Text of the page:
Since the late 1950s, Hervé Télémaque has created an expansive body of work with a unique and playful visual vocabulary, featuring abstract gestures, cartoon-like imagery, and mixed media compositions. Through paintings, drawings, collages, objects and assemblages, he brings together striking combinations of historical and literary references with those of consumer and popular culture. Incorporating images and experiences from his daily life, the artist’s extensive body of work consistently draws connections between the realms of interior consciousness, social experience and the complex relationships between image and language.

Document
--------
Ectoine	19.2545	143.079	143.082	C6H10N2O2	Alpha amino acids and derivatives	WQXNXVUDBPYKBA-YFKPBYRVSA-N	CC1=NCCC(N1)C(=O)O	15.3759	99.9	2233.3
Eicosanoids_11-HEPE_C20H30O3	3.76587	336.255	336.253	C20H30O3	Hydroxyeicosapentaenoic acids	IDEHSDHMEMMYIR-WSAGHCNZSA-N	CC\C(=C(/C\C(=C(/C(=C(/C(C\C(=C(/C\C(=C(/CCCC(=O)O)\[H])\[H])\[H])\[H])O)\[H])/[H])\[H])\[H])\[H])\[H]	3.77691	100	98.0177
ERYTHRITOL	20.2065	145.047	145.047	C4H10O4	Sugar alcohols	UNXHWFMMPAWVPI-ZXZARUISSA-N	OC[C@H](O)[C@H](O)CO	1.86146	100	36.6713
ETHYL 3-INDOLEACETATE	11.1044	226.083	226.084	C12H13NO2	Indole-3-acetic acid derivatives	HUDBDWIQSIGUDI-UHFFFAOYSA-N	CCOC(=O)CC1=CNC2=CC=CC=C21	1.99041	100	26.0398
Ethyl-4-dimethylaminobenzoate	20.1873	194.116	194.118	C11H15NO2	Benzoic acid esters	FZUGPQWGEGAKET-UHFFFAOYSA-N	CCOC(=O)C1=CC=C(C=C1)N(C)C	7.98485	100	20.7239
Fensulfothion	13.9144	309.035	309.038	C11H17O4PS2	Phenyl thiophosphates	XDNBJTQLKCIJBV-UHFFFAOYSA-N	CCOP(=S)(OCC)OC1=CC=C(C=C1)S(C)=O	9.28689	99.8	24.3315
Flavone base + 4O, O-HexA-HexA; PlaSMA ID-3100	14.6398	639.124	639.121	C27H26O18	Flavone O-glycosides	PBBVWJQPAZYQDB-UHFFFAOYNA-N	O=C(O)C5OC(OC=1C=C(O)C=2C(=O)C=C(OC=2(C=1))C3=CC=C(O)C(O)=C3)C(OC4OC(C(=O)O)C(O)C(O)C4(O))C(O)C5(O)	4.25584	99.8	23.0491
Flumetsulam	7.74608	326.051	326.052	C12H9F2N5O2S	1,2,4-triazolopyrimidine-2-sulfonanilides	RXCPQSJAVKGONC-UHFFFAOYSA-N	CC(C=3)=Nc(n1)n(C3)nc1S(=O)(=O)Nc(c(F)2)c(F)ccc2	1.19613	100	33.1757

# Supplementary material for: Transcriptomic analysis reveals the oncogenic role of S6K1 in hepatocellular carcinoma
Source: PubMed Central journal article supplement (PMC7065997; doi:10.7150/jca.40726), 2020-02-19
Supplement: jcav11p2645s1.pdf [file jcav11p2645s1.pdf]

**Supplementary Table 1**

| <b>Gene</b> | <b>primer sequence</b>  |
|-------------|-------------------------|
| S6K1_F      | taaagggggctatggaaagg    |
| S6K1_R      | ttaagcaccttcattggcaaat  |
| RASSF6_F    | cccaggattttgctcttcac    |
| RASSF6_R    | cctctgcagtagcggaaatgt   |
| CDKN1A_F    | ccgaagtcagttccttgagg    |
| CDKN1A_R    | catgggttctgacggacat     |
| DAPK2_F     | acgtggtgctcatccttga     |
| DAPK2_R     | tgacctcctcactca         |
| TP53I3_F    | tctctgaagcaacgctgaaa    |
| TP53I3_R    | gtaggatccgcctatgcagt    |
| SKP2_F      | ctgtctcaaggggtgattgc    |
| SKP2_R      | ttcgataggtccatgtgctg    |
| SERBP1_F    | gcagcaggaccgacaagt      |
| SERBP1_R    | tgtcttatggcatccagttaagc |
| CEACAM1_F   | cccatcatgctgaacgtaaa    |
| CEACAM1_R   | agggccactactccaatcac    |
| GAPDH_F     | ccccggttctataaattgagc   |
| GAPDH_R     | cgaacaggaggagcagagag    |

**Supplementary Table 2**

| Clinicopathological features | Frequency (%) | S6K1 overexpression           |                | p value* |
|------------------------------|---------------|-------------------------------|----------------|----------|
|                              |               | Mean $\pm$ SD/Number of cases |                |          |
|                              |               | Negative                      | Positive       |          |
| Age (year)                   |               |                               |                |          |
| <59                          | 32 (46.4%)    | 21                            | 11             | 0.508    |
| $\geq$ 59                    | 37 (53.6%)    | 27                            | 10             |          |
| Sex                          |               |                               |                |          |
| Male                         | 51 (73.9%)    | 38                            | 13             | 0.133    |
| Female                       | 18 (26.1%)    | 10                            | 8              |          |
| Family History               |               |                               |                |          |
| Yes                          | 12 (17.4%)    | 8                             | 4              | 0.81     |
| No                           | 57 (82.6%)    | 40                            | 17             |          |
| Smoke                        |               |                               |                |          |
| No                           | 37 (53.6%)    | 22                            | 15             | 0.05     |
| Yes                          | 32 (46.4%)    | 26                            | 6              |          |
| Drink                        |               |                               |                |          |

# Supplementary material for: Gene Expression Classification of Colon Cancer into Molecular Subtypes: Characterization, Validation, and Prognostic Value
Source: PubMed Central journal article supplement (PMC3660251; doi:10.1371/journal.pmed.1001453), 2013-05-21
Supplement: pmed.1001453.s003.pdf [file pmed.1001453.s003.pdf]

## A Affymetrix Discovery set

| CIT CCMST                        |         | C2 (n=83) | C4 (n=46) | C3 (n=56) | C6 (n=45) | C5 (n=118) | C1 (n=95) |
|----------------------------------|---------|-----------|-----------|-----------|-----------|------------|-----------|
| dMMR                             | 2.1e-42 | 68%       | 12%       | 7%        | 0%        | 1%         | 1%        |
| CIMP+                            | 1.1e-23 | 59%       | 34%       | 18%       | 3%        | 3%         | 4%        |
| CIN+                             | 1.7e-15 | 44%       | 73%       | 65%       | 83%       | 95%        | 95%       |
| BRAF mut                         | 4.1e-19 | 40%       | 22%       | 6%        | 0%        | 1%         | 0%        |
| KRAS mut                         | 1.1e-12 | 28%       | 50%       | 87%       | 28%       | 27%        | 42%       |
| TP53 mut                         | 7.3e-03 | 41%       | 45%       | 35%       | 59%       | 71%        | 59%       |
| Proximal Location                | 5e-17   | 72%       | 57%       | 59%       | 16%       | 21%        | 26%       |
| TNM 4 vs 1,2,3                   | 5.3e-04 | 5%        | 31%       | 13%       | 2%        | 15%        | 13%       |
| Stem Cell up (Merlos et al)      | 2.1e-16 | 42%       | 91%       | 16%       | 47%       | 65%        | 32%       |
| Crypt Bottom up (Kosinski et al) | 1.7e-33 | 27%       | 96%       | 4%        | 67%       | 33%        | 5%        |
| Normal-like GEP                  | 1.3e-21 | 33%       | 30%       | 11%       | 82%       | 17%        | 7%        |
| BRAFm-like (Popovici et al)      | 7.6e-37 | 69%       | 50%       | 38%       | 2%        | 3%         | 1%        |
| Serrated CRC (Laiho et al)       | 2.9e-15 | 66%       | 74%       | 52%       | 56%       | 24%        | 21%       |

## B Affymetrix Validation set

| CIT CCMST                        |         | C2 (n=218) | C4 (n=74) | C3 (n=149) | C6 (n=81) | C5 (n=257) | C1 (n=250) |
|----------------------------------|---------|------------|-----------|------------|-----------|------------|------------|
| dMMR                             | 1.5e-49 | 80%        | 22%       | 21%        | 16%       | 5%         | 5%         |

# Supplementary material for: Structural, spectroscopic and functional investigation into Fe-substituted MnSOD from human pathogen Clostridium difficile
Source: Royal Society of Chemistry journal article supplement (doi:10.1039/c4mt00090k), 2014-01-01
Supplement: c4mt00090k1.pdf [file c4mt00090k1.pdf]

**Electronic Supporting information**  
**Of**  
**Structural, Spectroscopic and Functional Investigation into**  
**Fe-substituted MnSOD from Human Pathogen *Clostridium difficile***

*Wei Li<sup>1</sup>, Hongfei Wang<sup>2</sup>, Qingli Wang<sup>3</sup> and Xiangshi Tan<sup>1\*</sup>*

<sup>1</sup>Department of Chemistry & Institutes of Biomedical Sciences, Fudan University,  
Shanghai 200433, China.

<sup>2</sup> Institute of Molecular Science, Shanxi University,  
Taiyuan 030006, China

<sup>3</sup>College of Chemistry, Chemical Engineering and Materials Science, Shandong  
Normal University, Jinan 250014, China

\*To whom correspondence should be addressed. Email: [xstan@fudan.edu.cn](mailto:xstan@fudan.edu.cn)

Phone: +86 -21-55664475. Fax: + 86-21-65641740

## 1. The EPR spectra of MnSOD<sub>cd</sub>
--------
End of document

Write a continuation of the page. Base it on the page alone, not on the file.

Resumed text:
Born in 1937 in Port-au-Prince, Haiti, Télémaque left for New York in 1957 entering an art scene dominated by Abstract Expressionism. In 1961, he moved permanently to Paris, associating with the Surrealists and later co-founding the Narrative Figuration movement in France with art critic Gérald Gassiot-Talabot and artist Bernard Rancillac. A reaction against the dominant trend towards Abstract art and the developing movement of Pop art in North America, Télémaque’s Narrative Figuration often results in works with a Pop sensibility that incorporate consumer objects and signs. The artist then inflects these images with an astute criticality, producing work in dialogue with current events, such as the Cold War, the Cuban missile crisis, US intervention in the Dominican Republic, and contemporary French politics.
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